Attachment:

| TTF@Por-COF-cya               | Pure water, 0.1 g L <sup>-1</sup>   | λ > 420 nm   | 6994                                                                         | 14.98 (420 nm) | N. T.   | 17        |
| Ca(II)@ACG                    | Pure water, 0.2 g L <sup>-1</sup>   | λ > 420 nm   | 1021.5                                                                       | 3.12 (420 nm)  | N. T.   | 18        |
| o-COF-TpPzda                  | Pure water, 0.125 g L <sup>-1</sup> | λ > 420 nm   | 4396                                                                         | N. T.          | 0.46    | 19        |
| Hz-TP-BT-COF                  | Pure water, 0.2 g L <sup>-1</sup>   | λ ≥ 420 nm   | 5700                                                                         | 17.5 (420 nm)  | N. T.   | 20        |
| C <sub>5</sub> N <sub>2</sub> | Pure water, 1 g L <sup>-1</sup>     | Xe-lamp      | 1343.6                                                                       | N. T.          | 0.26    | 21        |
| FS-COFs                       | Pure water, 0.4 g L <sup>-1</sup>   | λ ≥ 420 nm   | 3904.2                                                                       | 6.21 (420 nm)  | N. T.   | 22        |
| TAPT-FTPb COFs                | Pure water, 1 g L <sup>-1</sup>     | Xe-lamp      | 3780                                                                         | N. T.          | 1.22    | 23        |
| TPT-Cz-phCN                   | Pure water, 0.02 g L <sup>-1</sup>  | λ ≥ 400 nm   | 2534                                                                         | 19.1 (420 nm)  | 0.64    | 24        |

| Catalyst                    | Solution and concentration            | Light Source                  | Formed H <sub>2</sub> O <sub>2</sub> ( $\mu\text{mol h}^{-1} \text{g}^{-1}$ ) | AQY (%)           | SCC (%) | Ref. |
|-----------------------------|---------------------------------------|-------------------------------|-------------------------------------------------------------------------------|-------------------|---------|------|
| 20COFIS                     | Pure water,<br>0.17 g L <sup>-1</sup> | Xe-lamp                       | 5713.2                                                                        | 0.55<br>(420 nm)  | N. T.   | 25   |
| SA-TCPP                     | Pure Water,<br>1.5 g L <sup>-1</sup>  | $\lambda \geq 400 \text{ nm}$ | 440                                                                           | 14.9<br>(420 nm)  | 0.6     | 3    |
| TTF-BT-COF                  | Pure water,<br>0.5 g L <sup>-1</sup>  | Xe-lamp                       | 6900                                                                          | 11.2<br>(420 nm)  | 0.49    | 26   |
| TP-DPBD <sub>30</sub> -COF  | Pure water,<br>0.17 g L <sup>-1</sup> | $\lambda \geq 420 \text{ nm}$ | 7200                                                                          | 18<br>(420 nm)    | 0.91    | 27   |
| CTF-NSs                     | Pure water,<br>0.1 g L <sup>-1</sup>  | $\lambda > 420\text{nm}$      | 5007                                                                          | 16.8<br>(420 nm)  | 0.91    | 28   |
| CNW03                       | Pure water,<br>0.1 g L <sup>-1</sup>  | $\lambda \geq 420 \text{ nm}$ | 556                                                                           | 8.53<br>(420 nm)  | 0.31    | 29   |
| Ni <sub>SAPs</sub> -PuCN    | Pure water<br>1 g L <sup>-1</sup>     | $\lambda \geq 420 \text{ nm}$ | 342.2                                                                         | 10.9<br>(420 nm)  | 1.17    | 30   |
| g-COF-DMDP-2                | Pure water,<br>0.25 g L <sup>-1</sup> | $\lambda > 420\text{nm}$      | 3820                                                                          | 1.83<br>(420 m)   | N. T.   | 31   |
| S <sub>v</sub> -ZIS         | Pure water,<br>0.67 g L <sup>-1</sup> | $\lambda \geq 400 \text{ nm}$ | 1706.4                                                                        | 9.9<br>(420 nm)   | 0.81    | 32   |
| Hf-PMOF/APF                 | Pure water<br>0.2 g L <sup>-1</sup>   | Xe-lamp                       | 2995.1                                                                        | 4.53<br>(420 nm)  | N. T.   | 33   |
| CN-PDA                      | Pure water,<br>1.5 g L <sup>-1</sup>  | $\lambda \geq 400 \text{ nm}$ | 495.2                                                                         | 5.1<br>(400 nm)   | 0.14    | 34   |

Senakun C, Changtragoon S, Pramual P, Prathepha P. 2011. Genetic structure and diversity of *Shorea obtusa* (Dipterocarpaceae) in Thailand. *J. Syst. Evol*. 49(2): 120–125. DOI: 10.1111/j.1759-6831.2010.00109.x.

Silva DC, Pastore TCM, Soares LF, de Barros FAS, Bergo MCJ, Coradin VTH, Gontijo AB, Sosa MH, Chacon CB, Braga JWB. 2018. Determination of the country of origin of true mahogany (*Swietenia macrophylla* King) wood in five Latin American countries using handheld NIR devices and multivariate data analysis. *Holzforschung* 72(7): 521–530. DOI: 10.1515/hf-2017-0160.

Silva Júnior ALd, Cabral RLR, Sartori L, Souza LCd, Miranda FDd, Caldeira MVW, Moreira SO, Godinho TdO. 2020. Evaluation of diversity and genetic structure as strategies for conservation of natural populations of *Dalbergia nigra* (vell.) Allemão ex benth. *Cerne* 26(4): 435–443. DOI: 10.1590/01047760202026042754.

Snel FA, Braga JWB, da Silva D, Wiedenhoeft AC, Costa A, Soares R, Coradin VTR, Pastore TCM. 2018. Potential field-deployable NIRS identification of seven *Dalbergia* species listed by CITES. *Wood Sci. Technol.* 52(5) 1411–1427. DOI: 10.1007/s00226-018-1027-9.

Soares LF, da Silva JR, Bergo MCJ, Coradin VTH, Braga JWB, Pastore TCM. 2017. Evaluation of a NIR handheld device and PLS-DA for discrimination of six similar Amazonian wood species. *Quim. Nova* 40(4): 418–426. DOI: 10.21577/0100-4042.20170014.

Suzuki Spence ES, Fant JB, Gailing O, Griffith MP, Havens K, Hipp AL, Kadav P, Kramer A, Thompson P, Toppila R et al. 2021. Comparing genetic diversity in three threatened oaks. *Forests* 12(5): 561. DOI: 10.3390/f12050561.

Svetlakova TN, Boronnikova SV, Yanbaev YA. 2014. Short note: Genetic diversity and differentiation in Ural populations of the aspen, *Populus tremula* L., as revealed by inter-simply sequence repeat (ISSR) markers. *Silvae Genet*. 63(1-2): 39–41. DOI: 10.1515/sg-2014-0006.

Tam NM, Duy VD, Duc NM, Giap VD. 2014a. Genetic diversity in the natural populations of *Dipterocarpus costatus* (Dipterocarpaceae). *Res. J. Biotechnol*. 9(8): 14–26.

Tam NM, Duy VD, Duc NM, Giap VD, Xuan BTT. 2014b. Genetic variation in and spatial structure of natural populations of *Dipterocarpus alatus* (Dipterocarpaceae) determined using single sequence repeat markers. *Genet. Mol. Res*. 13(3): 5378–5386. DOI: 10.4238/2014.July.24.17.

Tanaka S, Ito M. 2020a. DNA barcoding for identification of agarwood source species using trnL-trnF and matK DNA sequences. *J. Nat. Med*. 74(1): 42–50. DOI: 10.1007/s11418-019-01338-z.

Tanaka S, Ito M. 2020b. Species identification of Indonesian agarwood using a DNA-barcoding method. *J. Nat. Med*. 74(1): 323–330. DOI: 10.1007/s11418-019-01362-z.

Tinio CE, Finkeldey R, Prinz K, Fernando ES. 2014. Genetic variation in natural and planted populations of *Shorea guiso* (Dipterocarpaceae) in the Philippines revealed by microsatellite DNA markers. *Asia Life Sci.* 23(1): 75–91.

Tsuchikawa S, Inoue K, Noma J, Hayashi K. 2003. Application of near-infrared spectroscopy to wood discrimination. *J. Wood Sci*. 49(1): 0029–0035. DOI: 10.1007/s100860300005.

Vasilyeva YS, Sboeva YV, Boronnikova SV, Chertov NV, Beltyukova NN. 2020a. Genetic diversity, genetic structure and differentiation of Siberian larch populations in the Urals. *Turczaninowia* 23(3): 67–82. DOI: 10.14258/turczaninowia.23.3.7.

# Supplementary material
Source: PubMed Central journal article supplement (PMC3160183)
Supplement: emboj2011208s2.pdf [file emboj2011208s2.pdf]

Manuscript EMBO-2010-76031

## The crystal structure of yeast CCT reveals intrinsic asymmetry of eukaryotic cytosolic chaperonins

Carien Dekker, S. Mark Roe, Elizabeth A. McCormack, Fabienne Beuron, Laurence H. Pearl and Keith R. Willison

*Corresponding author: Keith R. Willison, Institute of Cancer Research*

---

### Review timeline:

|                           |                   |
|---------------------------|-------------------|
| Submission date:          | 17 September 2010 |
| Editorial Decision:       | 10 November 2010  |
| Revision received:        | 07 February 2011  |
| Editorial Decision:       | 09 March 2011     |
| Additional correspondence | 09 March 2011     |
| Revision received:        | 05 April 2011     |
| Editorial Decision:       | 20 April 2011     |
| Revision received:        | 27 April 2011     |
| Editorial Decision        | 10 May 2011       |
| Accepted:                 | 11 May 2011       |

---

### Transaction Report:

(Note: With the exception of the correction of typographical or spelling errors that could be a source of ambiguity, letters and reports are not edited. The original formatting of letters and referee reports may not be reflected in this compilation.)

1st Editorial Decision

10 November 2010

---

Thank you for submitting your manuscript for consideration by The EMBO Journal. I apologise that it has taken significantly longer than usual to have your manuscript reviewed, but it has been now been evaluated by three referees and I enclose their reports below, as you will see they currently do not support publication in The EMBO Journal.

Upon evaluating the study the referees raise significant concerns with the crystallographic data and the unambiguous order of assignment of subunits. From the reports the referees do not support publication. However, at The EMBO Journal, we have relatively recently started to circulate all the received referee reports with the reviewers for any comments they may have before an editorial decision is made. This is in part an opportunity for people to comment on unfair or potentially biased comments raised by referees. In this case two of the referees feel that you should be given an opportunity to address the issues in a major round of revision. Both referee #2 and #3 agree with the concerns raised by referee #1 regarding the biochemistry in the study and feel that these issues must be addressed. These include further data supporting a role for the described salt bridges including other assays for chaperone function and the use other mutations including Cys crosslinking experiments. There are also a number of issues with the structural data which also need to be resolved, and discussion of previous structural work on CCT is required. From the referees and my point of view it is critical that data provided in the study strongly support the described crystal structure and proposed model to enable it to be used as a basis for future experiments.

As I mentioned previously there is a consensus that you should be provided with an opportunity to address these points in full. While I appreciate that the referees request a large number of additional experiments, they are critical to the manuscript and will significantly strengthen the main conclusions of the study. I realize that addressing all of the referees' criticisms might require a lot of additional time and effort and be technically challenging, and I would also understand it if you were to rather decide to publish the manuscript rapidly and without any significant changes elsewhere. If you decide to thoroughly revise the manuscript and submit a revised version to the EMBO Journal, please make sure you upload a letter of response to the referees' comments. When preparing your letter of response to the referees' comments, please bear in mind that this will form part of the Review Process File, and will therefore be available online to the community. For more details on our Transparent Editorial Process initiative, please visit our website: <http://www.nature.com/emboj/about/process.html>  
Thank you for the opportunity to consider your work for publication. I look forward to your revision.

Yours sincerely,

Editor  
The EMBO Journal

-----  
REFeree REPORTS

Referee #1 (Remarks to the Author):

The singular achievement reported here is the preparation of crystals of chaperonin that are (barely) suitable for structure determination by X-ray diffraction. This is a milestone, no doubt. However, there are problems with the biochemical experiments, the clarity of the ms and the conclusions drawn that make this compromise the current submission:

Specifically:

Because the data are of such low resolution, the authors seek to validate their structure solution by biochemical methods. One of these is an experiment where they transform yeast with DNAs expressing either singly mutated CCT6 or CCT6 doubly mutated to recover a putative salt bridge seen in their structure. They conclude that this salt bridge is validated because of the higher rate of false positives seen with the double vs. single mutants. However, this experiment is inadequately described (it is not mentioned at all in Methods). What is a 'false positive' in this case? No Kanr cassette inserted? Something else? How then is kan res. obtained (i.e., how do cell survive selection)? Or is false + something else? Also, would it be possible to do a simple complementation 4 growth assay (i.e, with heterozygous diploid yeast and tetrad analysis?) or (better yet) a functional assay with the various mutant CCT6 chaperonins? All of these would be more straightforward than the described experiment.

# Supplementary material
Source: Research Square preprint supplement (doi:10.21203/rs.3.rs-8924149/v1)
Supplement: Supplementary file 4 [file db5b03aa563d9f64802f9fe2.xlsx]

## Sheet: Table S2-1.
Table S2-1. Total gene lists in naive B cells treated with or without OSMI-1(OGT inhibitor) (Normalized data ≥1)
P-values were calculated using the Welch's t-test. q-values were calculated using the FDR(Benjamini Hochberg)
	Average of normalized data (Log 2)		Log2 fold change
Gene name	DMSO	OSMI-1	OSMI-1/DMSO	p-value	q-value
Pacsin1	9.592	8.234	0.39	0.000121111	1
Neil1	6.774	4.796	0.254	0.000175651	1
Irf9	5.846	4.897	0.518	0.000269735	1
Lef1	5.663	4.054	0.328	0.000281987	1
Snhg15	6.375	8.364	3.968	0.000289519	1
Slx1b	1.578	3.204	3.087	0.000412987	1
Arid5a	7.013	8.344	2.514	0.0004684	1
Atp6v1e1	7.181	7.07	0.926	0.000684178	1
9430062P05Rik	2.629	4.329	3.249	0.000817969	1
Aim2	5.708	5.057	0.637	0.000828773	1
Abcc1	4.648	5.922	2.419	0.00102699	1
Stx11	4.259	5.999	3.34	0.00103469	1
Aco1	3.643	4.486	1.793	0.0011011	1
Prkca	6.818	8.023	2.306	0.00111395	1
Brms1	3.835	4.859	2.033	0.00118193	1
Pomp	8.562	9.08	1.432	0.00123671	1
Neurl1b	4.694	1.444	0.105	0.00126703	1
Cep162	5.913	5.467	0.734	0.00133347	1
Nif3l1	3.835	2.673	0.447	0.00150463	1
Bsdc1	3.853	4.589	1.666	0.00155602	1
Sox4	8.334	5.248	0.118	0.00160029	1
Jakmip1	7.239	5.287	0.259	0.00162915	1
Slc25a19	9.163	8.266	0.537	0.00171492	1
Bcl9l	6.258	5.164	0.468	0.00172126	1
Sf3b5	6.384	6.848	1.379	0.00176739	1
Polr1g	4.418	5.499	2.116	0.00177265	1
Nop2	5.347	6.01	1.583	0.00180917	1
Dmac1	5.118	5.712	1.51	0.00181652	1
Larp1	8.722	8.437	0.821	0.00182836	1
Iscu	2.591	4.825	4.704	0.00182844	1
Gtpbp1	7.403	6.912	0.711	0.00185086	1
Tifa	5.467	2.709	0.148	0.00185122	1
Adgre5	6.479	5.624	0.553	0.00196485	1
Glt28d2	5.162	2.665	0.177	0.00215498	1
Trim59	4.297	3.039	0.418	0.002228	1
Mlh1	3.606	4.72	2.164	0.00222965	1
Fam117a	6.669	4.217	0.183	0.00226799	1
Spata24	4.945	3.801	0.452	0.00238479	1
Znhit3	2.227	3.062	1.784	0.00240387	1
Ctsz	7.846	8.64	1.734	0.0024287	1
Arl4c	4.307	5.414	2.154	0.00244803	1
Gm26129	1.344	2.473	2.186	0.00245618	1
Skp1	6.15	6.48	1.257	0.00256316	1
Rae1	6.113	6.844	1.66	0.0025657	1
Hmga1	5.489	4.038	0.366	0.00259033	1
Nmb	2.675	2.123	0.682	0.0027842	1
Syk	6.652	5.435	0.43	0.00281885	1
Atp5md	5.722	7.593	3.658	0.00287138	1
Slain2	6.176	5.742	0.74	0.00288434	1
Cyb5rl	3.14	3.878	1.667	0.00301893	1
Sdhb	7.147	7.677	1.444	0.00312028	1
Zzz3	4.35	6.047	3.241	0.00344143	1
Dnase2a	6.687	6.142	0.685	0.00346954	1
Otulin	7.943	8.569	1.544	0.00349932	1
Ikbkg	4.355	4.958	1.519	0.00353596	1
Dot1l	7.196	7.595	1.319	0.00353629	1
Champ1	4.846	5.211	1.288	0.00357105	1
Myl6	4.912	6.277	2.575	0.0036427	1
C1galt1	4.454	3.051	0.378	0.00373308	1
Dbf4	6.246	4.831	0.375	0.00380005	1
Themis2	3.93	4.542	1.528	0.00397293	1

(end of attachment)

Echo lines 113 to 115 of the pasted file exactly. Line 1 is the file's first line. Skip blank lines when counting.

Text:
Iscu	2.591	4.825	4.704	0.00182844	1
Gtpbp1	7.403	6.912	0.711	0.00185086	1
Tifa	5.467	2.709	0.148	0.00185122	1